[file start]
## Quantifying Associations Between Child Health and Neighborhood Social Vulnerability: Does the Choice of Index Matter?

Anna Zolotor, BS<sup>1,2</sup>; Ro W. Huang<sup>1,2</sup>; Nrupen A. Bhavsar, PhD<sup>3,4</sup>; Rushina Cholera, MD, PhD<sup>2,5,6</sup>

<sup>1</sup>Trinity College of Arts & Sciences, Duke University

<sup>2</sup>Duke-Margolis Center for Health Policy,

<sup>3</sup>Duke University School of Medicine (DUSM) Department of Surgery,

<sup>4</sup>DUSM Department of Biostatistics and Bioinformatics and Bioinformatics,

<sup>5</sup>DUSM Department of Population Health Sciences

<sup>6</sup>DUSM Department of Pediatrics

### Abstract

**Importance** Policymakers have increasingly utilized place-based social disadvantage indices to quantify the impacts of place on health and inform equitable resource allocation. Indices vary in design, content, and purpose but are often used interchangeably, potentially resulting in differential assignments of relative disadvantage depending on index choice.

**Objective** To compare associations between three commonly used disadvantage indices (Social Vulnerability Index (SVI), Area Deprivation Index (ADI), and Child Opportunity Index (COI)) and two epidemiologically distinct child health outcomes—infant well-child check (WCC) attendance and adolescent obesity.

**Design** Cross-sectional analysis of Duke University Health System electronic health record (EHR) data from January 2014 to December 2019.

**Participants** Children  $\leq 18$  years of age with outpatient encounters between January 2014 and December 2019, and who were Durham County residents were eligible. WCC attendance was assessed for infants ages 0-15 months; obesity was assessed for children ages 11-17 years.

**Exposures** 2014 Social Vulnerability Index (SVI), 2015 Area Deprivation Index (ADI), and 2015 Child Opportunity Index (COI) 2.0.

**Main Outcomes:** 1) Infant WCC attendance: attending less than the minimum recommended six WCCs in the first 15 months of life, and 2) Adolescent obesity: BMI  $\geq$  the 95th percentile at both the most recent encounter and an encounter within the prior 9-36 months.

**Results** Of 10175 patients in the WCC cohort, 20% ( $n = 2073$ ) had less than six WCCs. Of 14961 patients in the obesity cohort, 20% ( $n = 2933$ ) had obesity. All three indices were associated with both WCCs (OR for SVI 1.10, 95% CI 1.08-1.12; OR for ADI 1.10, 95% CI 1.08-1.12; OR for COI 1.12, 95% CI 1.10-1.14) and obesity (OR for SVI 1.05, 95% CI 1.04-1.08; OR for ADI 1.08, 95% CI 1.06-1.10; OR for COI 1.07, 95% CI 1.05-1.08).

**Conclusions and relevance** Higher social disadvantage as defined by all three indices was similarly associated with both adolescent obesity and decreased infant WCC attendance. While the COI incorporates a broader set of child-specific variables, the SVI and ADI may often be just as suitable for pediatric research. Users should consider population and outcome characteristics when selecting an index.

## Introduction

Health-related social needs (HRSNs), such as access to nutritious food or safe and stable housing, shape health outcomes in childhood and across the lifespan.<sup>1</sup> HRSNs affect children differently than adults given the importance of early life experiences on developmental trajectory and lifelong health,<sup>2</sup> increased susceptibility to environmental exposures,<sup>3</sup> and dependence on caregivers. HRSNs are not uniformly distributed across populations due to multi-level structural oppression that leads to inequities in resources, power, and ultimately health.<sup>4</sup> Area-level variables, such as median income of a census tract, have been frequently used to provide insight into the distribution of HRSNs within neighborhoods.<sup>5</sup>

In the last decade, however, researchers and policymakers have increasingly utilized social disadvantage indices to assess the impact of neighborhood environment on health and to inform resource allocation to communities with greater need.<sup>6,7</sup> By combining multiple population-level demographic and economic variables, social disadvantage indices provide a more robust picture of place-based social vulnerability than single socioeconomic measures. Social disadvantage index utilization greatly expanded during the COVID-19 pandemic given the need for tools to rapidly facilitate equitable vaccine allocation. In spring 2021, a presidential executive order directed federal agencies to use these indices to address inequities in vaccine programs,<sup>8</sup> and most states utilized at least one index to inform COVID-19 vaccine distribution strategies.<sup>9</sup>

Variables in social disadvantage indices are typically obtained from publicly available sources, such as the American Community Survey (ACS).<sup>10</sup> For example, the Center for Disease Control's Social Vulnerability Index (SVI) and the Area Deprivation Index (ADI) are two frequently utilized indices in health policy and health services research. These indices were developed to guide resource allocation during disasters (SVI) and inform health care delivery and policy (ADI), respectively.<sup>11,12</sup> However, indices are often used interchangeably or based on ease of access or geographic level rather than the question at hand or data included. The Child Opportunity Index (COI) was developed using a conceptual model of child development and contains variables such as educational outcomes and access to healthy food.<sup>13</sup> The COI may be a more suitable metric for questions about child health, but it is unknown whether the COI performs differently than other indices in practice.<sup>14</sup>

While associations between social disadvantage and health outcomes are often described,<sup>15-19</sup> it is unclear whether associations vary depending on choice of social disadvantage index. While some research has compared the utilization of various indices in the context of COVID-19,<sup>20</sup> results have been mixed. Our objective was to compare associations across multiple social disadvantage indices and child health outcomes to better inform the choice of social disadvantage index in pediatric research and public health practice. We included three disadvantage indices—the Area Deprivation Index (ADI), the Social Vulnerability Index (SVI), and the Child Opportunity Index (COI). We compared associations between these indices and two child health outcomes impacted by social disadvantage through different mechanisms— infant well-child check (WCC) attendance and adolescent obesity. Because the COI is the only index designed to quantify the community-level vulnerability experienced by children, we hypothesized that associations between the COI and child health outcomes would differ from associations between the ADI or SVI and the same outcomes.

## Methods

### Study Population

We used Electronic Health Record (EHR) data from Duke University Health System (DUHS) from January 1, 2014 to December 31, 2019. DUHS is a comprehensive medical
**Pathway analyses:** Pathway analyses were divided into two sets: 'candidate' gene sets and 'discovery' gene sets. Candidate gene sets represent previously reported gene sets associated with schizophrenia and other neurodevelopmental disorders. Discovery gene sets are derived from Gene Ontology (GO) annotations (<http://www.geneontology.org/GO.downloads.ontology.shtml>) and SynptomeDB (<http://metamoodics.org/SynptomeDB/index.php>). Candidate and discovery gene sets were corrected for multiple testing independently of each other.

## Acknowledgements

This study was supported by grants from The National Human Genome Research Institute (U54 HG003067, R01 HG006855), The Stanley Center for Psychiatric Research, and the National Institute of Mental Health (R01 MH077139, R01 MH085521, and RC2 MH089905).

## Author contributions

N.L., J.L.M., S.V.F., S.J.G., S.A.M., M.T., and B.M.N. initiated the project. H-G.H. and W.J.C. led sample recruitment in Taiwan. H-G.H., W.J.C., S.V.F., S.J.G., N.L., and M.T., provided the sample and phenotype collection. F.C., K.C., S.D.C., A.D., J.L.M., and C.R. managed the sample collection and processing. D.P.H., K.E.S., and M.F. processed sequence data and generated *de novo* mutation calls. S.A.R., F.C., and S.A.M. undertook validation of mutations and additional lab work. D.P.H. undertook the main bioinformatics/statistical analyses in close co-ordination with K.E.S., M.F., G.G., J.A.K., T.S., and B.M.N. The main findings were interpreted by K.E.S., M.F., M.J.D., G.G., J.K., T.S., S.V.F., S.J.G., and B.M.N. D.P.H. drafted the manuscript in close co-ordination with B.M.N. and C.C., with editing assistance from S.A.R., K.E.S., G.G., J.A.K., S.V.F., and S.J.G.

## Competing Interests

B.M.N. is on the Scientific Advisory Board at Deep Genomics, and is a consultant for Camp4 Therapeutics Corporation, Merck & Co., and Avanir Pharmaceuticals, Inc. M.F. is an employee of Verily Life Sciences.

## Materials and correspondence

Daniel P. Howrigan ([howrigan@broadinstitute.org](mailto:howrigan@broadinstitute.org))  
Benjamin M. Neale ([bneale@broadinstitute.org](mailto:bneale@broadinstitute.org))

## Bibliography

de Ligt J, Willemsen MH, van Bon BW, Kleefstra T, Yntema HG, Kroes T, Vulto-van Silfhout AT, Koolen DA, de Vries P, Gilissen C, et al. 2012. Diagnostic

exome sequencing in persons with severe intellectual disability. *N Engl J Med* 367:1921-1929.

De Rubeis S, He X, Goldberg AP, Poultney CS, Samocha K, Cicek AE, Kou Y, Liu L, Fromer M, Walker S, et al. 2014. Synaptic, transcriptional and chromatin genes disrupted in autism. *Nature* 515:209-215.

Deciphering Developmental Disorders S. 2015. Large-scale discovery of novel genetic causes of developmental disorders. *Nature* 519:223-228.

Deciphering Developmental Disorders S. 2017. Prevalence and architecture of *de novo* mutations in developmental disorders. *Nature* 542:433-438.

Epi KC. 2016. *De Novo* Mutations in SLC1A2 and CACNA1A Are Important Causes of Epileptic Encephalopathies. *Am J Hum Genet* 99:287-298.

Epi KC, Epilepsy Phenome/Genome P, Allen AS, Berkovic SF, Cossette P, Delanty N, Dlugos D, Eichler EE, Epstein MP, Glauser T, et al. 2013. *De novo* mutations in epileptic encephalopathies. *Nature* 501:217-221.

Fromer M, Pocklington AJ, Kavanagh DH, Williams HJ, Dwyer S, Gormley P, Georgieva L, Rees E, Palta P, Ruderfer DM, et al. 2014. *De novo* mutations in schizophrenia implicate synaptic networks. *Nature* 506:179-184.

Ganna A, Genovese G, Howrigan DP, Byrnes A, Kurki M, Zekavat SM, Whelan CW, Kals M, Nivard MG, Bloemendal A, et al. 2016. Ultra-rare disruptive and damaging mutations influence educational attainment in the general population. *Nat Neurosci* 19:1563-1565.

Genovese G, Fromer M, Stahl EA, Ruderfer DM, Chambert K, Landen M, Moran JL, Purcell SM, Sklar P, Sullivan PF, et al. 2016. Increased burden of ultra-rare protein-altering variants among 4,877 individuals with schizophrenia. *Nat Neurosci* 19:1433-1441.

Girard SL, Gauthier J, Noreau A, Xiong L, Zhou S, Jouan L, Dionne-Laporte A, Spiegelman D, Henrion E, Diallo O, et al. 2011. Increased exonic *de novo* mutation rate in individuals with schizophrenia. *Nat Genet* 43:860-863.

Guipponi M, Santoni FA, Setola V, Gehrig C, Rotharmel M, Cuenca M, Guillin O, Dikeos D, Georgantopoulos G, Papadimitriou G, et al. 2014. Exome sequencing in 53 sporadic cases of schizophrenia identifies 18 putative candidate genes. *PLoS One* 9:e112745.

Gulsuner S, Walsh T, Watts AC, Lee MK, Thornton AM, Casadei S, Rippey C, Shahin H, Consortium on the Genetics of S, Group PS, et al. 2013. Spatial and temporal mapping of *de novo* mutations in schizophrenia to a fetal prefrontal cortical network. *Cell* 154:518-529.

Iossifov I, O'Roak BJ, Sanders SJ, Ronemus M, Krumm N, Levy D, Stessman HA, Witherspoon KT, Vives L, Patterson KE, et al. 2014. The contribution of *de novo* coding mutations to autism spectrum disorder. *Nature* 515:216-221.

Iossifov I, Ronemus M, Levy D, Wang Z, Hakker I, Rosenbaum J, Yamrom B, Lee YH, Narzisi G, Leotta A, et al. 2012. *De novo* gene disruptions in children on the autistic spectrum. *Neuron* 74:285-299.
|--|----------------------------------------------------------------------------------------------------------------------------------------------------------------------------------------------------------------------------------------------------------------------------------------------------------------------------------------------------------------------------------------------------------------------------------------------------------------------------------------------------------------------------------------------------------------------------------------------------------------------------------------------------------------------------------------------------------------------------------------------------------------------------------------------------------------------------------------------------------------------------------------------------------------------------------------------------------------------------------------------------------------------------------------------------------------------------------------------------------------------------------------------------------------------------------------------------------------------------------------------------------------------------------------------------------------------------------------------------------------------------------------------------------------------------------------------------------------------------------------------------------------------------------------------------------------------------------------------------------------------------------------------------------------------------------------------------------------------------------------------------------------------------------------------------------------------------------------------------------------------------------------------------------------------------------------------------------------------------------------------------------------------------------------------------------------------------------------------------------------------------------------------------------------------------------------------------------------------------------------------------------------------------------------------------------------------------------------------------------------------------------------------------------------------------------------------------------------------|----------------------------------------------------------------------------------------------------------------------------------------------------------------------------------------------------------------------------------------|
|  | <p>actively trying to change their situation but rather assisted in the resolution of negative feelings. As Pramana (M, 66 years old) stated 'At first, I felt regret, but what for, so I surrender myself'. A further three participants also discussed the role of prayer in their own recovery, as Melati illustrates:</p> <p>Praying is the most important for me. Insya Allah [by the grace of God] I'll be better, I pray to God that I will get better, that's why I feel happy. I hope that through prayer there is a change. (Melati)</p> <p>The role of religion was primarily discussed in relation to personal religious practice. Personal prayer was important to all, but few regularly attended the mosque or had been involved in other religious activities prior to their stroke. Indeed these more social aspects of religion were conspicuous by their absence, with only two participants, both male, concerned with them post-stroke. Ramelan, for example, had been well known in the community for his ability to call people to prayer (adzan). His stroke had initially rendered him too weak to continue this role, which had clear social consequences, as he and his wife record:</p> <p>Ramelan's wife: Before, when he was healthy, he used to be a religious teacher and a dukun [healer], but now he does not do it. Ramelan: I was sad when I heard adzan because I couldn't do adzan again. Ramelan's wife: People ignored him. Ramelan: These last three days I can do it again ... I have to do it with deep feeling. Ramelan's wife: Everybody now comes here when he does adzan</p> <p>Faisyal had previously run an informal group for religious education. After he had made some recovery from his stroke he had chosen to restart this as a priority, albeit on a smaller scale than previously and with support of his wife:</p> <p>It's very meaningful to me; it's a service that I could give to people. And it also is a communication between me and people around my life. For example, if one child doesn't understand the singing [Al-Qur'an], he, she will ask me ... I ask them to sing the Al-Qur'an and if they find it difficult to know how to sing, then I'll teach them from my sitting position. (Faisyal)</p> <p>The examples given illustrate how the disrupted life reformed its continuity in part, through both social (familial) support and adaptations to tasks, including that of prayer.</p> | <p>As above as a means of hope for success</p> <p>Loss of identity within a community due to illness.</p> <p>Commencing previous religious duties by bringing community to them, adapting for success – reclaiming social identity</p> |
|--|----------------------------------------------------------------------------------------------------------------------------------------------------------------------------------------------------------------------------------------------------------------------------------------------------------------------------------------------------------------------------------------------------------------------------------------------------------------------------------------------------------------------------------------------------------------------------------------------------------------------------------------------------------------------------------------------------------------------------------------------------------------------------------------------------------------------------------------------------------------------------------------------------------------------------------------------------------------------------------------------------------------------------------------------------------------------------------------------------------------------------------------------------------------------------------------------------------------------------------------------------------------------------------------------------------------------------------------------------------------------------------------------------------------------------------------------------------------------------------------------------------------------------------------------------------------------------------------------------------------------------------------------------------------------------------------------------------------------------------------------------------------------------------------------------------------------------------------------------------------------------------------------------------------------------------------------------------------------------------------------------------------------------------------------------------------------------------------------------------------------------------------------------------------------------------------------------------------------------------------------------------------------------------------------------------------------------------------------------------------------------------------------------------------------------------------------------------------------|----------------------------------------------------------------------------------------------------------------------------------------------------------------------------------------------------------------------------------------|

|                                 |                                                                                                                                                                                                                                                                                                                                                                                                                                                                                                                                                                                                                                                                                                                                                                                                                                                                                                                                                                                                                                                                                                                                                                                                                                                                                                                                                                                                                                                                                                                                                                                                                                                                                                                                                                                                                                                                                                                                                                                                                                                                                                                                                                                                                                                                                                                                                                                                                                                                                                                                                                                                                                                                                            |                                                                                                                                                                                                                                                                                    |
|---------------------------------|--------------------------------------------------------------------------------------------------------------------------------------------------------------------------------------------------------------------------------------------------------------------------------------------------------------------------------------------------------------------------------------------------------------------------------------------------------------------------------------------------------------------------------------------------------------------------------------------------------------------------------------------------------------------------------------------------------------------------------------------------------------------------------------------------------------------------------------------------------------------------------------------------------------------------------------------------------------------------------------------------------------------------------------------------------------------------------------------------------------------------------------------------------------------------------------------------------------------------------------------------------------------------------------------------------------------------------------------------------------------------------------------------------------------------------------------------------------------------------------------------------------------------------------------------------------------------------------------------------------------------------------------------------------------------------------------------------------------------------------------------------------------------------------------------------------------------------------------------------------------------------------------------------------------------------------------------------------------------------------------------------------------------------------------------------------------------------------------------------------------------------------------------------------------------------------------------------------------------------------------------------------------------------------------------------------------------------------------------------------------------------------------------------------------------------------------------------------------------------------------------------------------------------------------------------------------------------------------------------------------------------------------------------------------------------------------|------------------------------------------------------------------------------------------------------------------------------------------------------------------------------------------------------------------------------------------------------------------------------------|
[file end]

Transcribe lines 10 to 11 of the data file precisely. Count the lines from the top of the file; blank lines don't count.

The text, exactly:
**Importance** Policymakers have increasingly utilized place-based social disadvantage indices to quantify the impacts of place on health and inform equitable resource allocation. Indices vary in design, content, and purpose but are often used interchangeably, potentially resulting in differential assignments of relative disadvantage depending on index choice.

**Objective** To compare associations between three commonly used disadvantage indices (Social Vulnerability Index (SVI), Area Deprivation Index (ADI), and Child Opportunity Index (COI)) and two epidemiologically distinct child health outcomes—infant well-child check (WCC) attendance and adolescent obesity.